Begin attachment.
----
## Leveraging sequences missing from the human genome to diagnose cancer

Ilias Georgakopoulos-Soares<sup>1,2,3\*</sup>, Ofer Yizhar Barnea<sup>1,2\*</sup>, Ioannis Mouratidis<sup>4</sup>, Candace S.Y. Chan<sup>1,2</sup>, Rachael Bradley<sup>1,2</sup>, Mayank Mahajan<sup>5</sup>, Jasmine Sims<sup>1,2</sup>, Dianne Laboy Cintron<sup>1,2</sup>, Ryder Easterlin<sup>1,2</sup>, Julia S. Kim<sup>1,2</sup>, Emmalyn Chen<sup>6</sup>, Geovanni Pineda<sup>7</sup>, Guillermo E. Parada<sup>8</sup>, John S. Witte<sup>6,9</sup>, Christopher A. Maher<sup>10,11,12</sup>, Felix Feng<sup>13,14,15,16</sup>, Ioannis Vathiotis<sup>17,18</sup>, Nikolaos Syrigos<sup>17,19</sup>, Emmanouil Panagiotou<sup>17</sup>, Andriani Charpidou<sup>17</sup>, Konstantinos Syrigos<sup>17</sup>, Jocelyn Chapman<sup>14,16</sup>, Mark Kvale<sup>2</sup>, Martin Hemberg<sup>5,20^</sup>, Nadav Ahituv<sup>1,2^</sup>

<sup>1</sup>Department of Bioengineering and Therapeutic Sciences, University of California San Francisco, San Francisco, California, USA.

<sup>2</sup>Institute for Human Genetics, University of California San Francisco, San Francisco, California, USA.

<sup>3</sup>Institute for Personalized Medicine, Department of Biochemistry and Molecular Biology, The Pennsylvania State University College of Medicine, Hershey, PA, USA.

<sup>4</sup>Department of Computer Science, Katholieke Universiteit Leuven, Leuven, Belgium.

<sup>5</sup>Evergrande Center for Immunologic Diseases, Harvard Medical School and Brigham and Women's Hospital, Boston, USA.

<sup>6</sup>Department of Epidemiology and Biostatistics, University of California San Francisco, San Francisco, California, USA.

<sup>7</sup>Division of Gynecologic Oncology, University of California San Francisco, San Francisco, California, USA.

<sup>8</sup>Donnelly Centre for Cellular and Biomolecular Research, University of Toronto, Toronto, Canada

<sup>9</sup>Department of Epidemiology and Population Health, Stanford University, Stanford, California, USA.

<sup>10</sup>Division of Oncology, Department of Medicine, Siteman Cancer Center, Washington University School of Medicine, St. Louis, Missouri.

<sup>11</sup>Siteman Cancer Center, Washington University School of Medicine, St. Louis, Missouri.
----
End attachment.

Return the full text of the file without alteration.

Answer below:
## Leveraging sequences missing from the human genome to diagnose cancer

Ilias Georgakopoulos-Soares<sup>1,2,3\*</sup>, Ofer Yizhar Barnea<sup>1,2\*</sup>, Ioannis Mouratidis<sup>4</sup>, Candace S.Y. Chan<sup>1,2</sup>, Rachael Bradley<sup>1,2</sup>, Mayank Mahajan<sup>5</sup>, Jasmine Sims<sup>1,2</sup>, Dianne Laboy Cintron<sup>1,2</sup>, Ryder Easterlin<sup>1,2</sup>, Julia S. Kim<sup>1,2</sup>, Emmalyn Chen<sup>6</sup>, Geovanni Pineda<sup>7</sup>, Guillermo E. Parada<sup>8</sup>, John S. Witte<sup>6,9</sup>, Christopher A. Maher<sup>10,11,12</sup>, Felix Feng<sup>13,14,15,16</sup>, Ioannis Vathiotis<sup>17,18</sup>, Nikolaos Syrigos<sup>17,19</sup>, Emmanouil Panagiotou<sup>17</sup>, Andriani Charpidou<sup>17</sup>, Konstantinos Syrigos<sup>17</sup>, Jocelyn Chapman<sup>14,16</sup>, Mark Kvale<sup>2</sup>, Martin Hemberg<sup>5,20^</sup>, Nadav Ahituv<sup>1,2^</sup>

<sup>1</sup>Department of Bioengineering and Therapeutic Sciences, University of California San Francisco, San Francisco, California, USA.

<sup>2</sup>Institute for Human Genetics, University of California San Francisco, San Francisco, California, USA.

<sup>3</sup>Institute for Personalized Medicine, Department of Biochemistry and Molecular Biology, The Pennsylvania State University College of Medicine, Hershey, PA, USA.

<sup>4</sup>Department of Computer Science, Katholieke Universiteit Leuven, Leuven, Belgium.

<sup>5</sup>Evergrande Center for Immunologic Diseases, Harvard Medical School and Brigham and Women's Hospital, Boston, USA.

<sup>6</sup>Department of Epidemiology and Biostatistics, University of California San Francisco, San Francisco, California, USA.

<sup>7</sup>Division of Gynecologic Oncology, University of California San Francisco, San Francisco, California, USA.

<sup>8</sup>Donnelly Centre for Cellular and Biomolecular Research, University of Toronto, Toronto, Canada

<sup>9</sup>Department of Epidemiology and Population Health, Stanford University, Stanford, California, USA.

<sup>10</sup>Division of Oncology, Department of Medicine, Siteman Cancer Center, Washington University School of Medicine, St. Louis, Missouri.

<sup>11</sup>Siteman Cancer Center, Washington University School of Medicine, St. Louis, Missouri.